Mm-hmm. Um, the objective now is to help people on their healing journeys that is simply like, you know what I mean? That's the mission, that's the vision, that's everything is just wherever people are at on their healing journeys, they can come in and they can find something that will help and help improve and change their life. So specifically with trauma, obviously, trauma is really everywhere in mental health, for the most part. I mean, there's a there's a small percentage of people that have kind of more of that genetic feature. But as you look more into the research and more into their generations, there's generational trauma that informs why there is mental illness in their genetic line. So because of how rampant trauma is and how much we've realized, wow, like there's a lot of underlying trauma related factors informing mental illness and mental health concerns because of that that's why I tried to focus it more on trauma and there are people who don't even realize they have trauma who've been able to like look through like some of the resources on the website and be like oh I have trauma that's what this is that's what I'm experiencing. And so that's really what the goal is. It's just anywhere you're at on your healing journey, like every person who's looking for help or improvement in an area, I would consider is on a healing journey, right? We want to change part of our lives that is not serving us anymore. We want to overcome obstacles that we have. And that's a healing journey. And so that's really what it's all about is helping people overcome hard things.



Okay, so let's dive into this topic of trauma. And let's talk about survival mechanisms. As soon as I came up with this idea, it was like, I know I'm gonna ask. Could you define what they are for our listeners, like, their survival mechanisms, and then we'll go from there?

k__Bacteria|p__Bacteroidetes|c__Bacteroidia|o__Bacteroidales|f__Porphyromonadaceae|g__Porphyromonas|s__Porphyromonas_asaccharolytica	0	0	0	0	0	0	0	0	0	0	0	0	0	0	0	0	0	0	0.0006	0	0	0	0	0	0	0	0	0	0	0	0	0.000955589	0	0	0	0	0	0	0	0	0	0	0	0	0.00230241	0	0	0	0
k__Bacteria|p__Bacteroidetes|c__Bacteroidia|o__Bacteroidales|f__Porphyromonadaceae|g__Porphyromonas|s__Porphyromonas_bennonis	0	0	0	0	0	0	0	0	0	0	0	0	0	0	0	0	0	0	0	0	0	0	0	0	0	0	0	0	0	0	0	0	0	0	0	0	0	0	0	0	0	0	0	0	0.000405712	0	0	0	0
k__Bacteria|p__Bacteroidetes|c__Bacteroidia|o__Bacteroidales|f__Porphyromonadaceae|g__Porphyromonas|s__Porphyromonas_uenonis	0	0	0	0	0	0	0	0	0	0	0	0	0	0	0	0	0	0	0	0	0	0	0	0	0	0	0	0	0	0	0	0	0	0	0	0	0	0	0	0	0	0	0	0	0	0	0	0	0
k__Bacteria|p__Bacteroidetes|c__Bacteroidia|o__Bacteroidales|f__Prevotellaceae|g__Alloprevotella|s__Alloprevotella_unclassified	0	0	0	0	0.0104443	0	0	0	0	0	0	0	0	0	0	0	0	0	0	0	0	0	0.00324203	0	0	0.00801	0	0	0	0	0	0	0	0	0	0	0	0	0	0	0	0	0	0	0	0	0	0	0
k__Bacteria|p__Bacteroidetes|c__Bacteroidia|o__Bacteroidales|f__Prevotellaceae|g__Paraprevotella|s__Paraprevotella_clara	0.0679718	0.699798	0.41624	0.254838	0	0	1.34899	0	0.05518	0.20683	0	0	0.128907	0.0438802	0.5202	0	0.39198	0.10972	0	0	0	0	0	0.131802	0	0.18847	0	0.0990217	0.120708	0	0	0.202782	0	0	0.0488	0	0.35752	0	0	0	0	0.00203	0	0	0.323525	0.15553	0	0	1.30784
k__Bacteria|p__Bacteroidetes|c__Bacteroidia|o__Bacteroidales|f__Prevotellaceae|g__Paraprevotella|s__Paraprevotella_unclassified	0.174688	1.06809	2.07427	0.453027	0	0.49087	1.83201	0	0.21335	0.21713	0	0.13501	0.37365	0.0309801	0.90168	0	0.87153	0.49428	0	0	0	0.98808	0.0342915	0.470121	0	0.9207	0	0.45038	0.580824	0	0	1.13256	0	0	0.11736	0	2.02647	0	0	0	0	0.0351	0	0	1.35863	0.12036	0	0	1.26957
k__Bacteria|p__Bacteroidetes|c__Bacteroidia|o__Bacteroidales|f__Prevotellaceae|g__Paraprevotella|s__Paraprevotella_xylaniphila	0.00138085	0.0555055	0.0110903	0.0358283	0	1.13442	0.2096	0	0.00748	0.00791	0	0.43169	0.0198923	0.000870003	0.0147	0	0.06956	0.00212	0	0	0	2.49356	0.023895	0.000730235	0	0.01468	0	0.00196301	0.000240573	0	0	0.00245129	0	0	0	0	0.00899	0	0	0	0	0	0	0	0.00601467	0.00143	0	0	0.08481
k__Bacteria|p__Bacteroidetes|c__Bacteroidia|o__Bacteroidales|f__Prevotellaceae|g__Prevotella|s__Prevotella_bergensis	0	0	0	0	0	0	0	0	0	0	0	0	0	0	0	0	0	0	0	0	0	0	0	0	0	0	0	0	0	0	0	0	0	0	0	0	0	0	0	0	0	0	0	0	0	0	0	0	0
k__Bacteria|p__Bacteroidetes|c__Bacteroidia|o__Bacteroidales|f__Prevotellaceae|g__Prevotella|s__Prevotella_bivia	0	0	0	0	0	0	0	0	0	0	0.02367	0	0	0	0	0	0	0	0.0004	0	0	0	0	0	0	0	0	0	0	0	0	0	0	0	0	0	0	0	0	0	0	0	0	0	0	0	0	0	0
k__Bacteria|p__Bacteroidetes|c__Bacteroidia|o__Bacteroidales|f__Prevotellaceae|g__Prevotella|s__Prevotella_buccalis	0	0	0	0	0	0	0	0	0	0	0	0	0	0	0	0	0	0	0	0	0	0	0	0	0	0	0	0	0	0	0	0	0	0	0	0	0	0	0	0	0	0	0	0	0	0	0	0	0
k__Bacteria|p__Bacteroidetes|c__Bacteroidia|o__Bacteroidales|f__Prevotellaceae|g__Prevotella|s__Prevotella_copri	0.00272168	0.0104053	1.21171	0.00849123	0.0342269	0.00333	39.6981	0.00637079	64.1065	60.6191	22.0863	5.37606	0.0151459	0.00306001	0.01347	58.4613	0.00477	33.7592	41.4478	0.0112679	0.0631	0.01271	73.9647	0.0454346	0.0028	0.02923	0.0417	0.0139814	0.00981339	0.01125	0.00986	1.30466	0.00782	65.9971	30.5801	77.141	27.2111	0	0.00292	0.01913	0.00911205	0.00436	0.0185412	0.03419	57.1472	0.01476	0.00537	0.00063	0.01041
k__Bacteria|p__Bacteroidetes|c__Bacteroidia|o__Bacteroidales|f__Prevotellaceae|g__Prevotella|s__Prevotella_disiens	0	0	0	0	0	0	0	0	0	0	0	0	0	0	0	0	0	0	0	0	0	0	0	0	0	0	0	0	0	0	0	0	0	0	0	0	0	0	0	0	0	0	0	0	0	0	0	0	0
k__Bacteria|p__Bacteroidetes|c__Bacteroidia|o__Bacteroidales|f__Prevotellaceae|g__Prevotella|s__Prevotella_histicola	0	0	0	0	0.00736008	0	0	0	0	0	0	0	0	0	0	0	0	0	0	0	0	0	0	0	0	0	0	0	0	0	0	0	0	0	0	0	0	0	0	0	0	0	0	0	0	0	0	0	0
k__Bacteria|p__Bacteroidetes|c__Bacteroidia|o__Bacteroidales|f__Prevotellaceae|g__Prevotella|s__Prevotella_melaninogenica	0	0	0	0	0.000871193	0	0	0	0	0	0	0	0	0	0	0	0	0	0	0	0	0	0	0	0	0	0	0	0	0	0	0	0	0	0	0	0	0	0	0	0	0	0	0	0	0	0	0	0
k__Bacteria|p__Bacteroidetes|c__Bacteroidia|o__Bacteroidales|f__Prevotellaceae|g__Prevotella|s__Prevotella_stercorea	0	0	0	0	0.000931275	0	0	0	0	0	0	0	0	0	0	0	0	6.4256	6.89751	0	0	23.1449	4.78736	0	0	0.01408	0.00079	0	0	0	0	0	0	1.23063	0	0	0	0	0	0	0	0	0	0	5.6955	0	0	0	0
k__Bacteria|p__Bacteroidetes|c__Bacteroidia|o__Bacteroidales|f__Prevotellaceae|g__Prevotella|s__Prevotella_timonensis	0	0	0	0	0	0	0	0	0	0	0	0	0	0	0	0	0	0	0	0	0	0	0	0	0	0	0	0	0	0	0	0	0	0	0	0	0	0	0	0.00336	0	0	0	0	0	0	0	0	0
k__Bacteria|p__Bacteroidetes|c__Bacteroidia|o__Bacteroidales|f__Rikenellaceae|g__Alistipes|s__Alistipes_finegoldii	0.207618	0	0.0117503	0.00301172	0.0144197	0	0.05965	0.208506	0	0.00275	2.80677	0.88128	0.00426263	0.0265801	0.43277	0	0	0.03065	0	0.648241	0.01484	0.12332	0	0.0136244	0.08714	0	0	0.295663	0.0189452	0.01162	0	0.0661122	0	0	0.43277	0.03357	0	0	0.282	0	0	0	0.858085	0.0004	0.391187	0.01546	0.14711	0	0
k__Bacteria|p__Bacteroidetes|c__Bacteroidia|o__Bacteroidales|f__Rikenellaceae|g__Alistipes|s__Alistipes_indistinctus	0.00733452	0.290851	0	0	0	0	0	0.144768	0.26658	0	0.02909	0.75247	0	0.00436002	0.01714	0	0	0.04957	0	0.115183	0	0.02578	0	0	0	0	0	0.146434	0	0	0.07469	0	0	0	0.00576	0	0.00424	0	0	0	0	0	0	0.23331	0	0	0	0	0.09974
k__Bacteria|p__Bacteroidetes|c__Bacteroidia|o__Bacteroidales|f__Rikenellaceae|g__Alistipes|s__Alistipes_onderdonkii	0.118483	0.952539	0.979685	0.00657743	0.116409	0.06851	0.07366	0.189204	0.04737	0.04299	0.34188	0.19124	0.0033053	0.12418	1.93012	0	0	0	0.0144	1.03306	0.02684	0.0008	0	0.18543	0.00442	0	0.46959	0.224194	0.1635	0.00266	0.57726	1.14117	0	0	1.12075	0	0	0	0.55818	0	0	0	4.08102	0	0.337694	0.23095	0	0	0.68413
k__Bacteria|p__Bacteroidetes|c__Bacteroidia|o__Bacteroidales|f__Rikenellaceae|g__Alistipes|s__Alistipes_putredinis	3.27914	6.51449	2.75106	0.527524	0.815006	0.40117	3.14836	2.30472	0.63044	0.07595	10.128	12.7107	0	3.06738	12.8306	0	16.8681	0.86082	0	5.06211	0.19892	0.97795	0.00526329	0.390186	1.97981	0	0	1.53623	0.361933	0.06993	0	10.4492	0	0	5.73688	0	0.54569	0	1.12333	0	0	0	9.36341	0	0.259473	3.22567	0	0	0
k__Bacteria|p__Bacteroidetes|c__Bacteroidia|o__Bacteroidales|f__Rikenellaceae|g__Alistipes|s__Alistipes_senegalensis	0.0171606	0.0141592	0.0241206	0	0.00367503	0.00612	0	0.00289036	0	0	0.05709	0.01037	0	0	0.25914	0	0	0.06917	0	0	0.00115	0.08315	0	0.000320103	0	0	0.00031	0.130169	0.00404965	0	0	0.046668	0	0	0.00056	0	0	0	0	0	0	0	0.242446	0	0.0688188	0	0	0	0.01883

Yeah, so a survival mechanism really is something that you or your body will do in response to trauma. It's like a trauma response. So, and they can like they can vary, right. So survival mechanism that you might have people pleasing can be one, right. be one, right? So if you grew up in a house with a very domineering and abusive caregiver, and you notice that when you did what they wanted, they wouldn't be domineering and abusive. You developed a survival mechanism, two people please, and do whatever they wanted in order to keep them happy and from harming you. That is a simple explanation for what it is and what it can look like. There can be all sorts of things, you know, some people's survival mechanisms are are yelling, right? They grew up in an environment that if you didn't yell, you weren't heard.


So survival mechanisms can be, they can be linked to a trauma or they can be linked to really just an experience where their needs couldn't be met unless they behaved a certain way. And usually we think of survival mechanisms as kind of like negative things that people will do to keep themselves safe. But that's how I would define it.